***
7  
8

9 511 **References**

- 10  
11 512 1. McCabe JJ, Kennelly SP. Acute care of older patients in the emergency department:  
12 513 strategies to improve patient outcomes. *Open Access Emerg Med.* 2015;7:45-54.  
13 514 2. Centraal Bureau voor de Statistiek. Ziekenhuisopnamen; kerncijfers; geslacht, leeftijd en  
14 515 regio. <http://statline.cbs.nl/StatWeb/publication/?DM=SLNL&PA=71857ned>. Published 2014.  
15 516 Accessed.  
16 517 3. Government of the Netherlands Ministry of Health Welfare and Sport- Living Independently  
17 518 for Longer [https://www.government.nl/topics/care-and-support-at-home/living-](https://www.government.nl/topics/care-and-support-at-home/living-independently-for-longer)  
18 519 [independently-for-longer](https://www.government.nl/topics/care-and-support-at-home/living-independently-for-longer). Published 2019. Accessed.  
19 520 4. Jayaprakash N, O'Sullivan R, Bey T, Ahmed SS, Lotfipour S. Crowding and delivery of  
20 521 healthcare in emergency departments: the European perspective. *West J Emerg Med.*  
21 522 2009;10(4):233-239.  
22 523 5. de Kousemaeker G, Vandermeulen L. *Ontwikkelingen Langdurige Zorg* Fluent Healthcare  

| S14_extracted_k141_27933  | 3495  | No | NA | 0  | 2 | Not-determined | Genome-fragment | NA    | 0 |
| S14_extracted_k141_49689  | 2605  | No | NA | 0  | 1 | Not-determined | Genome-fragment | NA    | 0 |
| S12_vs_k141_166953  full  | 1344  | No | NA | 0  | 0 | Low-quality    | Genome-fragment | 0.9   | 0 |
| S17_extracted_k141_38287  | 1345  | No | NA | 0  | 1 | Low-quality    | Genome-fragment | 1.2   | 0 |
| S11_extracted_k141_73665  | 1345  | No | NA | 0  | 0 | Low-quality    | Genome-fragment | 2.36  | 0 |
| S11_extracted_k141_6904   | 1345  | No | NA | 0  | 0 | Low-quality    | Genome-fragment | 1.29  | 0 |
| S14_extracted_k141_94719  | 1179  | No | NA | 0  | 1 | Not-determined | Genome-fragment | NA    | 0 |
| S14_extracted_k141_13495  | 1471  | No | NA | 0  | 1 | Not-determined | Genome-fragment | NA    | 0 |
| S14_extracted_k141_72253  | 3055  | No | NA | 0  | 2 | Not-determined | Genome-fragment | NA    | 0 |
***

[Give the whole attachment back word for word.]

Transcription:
7  
8

9 511 **References**

- 10  
11 512 1. McCabe JJ, Kennelly SP. Acute care of older patients in the emergency department:  
12 513 strategies to improve patient outcomes. *Open Access Emerg Med.* 2015;7:45-54.  
13 514 2. Centraal Bureau voor de Statistiek. Ziekenhuisopnamen; kerncijfers; geslacht, leeftijd en  
14 515 regio. <http://statline.cbs.nl/StatWeb/publication/?DM=SLNL&PA=71857ned>. Published 2014.  
15 516 Accessed.  
16 517 3. Government of the Netherlands Ministry of Health Welfare and Sport- Living Independently  
17 518 for Longer [https://www.government.nl/topics/care-and-support-at-home/living-](https://www.government.nl/topics/care-and-support-at-home/living-independently-for-longer)  
18 519 [independently-for-longer](https://www.government.nl/topics/care-and-support-at-home/living-independently-for-longer). Published 2019. Accessed.  
19 520 4. Jayaprakash N, O'Sullivan R, Bey T, Ahmed SS, Lotfipour S. Crowding and delivery of  
20 521 healthcare in emergency departments: the European perspective. *West J Emerg Med.*  
21 522 2009;10(4):233-239.  
22 523 5. de Kousemaeker G, Vandermeulen L. *Ontwikkelingen Langdurige Zorg* Fluent Healthcare  

| S14_extracted_k141_27933  | 3495  | No | NA | 0  | 2 | Not-determined | Genome-fragment | NA    | 0 |
| S14_extracted_k141_49689  | 2605  | No | NA | 0  | 1 | Not-determined | Genome-fragment | NA    | 0 |
| S12_vs_k141_166953  full  | 1344  | No | NA | 0  | 0 | Low-quality    | Genome-fragment | 0.9   | 0 |
| S17_extracted_k141_38287  | 1345  | No | NA | 0  | 1 | Low-quality    | Genome-fragment | 1.2   | 0 |
| S11_extracted_k141_73665  | 1345  | No | NA | 0  | 0 | Low-quality    | Genome-fragment | 2.36  | 0 |
| S11_extracted_k141_6904   | 1345  | No | NA | 0  | 0 | Low-quality    | Genome-fragment | 1.29  | 0 |
| S14_extracted_k141_94719  | 1179  | No | NA | 0  | 1 | Not-determined | Genome-fragment | NA    | 0 |
| S14_extracted_k141_13495  | 1471  | No | NA | 0  | 1 | Not-determined | Genome-fragment | NA    | 0 |
| S14_extracted_k141_72253  | 3055  | No | NA | 0  | 2 | Not-determined | Genome-fragment | NA    | 0 |